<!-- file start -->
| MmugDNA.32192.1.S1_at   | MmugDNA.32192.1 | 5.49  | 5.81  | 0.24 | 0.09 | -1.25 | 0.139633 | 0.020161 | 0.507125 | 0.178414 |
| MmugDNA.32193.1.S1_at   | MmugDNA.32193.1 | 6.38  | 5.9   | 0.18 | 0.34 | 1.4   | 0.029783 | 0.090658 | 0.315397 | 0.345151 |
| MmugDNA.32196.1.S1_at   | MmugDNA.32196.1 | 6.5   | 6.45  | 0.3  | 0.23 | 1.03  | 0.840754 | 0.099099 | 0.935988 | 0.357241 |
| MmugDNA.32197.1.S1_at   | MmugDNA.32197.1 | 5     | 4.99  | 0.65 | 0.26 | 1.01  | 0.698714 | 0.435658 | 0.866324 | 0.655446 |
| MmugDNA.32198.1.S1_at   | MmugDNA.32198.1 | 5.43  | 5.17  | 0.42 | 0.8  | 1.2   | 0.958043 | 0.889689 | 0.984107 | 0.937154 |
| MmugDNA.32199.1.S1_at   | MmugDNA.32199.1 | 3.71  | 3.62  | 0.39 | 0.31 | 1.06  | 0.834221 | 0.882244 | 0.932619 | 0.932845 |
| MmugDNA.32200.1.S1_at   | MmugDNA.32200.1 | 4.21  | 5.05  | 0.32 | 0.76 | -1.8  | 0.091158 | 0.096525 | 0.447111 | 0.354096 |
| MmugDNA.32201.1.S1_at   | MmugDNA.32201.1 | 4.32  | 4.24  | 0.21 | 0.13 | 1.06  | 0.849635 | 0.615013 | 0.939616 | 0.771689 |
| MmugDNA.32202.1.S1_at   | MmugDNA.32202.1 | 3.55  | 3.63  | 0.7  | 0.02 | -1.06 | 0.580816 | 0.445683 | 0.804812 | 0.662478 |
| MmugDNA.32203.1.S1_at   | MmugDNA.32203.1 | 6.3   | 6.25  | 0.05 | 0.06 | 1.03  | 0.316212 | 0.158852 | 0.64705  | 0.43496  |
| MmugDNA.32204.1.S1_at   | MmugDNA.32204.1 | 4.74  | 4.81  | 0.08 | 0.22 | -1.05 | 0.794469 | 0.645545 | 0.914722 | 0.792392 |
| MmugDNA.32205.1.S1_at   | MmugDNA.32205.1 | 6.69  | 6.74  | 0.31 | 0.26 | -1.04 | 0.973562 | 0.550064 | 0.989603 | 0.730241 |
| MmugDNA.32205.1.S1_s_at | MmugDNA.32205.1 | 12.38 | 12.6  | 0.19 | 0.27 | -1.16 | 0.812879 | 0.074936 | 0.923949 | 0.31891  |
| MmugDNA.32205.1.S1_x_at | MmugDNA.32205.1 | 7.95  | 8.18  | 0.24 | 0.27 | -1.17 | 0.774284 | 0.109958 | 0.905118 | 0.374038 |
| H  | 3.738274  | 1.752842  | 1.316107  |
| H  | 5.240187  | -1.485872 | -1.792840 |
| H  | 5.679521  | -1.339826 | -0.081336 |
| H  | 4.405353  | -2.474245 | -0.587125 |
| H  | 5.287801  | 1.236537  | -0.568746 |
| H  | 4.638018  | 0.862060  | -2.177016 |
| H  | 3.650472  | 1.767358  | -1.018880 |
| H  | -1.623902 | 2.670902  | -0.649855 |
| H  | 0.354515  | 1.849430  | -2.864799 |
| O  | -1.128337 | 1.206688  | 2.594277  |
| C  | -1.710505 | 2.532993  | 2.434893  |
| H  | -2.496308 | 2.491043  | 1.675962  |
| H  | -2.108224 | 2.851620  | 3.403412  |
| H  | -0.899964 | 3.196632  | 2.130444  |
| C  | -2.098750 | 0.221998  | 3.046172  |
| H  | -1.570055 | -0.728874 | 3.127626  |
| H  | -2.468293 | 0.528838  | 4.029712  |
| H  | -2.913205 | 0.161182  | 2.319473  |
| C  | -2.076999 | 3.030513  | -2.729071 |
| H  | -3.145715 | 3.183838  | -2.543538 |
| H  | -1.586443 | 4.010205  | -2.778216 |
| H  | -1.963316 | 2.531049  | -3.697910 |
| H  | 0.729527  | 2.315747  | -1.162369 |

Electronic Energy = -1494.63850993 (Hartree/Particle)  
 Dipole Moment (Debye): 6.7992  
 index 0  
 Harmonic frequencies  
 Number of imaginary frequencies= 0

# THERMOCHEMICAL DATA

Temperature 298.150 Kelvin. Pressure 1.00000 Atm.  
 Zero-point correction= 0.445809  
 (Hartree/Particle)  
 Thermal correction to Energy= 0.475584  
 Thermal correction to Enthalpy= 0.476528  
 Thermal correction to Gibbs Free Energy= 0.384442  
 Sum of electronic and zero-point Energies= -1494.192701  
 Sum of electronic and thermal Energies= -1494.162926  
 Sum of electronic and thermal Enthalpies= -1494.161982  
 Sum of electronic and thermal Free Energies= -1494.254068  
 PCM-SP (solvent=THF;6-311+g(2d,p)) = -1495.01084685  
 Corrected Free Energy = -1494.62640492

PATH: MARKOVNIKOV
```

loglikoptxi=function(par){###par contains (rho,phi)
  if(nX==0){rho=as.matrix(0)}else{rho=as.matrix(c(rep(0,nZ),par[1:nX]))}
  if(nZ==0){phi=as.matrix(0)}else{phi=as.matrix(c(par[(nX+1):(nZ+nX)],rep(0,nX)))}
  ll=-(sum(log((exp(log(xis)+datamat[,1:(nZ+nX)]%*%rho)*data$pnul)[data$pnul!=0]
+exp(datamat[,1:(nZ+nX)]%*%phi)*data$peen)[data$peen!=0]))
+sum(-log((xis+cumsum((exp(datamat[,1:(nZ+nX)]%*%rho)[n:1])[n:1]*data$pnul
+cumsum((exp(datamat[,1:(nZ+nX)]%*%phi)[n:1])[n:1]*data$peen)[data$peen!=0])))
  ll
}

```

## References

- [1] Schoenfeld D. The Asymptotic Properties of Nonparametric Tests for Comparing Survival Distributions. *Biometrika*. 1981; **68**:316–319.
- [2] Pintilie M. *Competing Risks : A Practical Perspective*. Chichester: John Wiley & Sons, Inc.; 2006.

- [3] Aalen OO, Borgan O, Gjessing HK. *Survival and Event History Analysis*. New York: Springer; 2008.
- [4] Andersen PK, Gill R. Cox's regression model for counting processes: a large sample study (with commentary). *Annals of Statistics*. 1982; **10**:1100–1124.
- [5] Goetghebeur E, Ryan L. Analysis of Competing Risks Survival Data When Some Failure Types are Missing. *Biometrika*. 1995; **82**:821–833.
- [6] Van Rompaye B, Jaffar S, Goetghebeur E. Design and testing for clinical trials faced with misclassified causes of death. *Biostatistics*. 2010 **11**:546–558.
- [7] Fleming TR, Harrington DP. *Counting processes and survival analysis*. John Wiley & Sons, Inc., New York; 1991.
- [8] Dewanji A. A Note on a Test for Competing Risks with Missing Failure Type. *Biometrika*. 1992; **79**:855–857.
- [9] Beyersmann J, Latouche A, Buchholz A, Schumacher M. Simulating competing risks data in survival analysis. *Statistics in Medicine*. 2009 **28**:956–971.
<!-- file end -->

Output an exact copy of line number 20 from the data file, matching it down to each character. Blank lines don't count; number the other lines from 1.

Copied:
| H  | 4.638018  | 0.862060  | -2.177016 |